How the Small Intestine Works

Live Science | 10/16/2018 | Staff
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The small intestine, despite its name, is the longest part of the gastrointestinal tract. It works with other organs of the digestive system to further digest food after it leaves the stomach and to absorb nutrients. The entire digestive system works together to turn the food you eat into energy.

The small intestine is a long, winding tube connected to the stomach on one end and the large intestine on the other. According to the Medical University of South Carolina (MUSC) Digestive Disease Center, the small intestine is only about as big around as a middle finger (approximately 1 inch or 2.5 centimeters) and is from 20 to 25 feet (6 to 7.6 meters) long in an adult.

Section - Two-fifths - Length - Intestine - Jejunum

The middle section, about two-fifths of the length of the small intestine, is called the jejunum, and the last section is the ileum. The primary function of both of these sections is to absorb nutrients into the bloodstream. Both the jejunum and the ileum have linings with many folds that increase the surface area of the small intestine (about 2,700 square feet or 250 square meters) for maximized nutrient absorption. These folds contain tiny, finger-like cells known as villi, which are each covered with a layer of microvilli (microscopic hair-like structures) that further increase the surface area available for nutrient absorption.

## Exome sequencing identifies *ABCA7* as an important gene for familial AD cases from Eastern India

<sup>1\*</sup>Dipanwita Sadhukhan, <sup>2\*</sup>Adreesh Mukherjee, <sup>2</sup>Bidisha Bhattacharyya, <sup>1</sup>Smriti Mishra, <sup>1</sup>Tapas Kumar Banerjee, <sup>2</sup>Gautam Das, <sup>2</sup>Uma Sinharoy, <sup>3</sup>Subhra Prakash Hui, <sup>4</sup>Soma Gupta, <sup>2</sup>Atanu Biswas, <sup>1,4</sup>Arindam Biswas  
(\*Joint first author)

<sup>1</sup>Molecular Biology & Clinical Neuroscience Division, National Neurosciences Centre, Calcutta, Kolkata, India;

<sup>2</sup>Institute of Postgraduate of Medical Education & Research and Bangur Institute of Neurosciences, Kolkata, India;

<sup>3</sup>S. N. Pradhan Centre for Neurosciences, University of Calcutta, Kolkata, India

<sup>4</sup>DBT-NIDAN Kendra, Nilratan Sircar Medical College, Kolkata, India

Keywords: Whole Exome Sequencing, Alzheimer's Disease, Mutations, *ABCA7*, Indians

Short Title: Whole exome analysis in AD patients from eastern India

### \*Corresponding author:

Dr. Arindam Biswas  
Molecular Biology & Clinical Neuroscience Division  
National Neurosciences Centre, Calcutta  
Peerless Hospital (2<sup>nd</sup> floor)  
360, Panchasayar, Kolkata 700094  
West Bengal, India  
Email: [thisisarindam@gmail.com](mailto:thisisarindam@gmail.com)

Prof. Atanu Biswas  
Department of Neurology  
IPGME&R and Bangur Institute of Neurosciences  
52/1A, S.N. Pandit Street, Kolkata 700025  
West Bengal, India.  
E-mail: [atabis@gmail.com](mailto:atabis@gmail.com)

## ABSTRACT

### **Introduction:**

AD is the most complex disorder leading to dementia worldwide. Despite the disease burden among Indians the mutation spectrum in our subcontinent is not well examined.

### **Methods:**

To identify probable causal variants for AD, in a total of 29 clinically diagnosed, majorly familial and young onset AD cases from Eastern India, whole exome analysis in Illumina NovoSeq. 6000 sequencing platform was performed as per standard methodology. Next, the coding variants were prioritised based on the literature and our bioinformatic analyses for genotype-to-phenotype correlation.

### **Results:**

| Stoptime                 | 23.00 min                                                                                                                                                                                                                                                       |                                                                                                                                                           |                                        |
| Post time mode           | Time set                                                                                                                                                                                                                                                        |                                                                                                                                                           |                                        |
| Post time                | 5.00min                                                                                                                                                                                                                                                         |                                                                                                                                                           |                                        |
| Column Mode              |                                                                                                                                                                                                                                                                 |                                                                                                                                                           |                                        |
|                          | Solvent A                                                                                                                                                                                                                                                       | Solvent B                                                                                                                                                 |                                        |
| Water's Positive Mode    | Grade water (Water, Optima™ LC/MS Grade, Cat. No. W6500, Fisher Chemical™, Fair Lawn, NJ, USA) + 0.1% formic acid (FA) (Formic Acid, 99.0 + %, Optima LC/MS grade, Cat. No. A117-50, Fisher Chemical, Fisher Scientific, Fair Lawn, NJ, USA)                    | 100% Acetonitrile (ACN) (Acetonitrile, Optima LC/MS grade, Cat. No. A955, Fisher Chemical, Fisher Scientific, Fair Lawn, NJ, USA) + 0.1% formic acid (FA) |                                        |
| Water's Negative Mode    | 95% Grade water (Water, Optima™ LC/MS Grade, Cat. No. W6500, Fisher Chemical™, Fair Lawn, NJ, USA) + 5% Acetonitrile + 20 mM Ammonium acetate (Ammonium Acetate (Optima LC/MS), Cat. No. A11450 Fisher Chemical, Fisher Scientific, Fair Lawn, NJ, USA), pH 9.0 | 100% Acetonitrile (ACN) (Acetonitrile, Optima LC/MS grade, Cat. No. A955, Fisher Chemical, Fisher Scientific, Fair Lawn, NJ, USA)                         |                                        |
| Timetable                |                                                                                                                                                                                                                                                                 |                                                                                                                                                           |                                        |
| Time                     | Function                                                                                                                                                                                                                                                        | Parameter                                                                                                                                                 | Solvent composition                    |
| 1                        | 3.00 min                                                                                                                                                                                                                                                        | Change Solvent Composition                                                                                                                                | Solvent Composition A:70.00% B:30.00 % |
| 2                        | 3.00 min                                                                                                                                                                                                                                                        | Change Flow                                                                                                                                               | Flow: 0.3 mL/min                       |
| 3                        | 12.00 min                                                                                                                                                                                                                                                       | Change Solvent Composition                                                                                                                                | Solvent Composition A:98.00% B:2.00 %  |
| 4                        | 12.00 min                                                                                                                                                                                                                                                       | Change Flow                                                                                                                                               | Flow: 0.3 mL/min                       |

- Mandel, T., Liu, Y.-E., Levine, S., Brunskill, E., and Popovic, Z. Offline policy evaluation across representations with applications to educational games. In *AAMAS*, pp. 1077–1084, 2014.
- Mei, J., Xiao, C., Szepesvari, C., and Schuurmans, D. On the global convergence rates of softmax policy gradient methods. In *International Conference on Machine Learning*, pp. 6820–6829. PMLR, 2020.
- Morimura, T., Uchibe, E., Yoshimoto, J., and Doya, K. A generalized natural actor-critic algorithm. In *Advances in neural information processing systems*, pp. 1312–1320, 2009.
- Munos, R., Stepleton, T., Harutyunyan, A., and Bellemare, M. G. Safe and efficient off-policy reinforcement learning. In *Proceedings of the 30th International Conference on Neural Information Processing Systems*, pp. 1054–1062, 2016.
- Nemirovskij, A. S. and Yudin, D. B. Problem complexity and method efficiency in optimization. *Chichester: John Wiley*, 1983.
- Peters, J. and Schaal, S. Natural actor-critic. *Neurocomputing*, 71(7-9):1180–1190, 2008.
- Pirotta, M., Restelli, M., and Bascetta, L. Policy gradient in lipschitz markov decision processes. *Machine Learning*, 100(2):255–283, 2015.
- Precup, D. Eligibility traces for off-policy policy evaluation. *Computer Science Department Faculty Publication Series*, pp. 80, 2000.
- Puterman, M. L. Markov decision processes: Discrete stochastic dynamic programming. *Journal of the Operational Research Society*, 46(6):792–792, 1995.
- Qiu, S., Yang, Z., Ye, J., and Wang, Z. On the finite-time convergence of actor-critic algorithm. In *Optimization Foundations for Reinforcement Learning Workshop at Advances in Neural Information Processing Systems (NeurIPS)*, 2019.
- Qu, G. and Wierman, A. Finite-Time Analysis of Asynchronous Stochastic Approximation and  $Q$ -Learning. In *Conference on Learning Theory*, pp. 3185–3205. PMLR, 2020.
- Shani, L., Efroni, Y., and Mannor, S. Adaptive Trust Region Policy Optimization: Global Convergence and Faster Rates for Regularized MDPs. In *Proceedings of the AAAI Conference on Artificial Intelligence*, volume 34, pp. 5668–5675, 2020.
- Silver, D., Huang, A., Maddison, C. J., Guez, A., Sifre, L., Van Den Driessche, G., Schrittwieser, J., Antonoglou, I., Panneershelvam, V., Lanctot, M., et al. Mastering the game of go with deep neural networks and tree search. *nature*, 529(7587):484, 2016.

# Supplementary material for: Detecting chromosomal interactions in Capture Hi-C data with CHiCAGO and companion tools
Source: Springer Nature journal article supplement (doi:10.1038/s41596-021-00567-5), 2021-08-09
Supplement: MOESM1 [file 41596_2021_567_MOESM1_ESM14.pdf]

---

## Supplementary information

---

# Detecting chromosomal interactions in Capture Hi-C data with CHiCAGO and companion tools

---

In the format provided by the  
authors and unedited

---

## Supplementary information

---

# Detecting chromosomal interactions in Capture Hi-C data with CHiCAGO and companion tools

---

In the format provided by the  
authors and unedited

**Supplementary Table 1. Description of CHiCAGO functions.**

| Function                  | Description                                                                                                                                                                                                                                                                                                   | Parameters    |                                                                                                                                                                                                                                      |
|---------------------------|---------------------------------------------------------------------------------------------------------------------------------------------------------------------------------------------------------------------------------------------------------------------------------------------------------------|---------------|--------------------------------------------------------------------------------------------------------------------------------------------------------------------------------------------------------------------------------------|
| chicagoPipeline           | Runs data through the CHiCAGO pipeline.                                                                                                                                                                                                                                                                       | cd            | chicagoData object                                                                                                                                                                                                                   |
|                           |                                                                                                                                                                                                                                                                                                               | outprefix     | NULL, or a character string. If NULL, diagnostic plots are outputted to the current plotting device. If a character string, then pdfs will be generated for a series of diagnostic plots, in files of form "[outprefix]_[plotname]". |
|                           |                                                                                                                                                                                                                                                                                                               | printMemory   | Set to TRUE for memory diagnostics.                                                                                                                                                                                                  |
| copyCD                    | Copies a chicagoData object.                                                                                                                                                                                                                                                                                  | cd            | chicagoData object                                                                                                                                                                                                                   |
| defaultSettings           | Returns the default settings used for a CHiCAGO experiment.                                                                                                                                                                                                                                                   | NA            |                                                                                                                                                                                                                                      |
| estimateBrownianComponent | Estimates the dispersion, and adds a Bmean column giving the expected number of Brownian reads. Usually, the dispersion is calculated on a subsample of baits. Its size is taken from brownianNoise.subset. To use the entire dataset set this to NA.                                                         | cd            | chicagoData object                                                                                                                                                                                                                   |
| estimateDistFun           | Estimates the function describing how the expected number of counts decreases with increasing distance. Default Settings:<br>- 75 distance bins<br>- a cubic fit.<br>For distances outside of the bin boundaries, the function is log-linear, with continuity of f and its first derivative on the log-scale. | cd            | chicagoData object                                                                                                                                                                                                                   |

Once the digested food leaves the ileum, more than 95 percent of the nutrients (such as vitamins, minerals, proteins and carbohydrates) the body needs has been absorbed. What's left moves on to the large intestine, according to the MUSC Digestive Disease Center.

Intestine - Ways - US - National - Library

The small intestine can become diseased or problematic in many ways. According to the U.S. National Library of Medicine (NLM), disorders of the small intestine include bleeding, celiac disease, Crohn's disease, infections, intestinal cancer, intestinal obstruction and blockage, irritable bowel syndrome, ulcers, pain,...
(Excerpt) Read more at: Live Science
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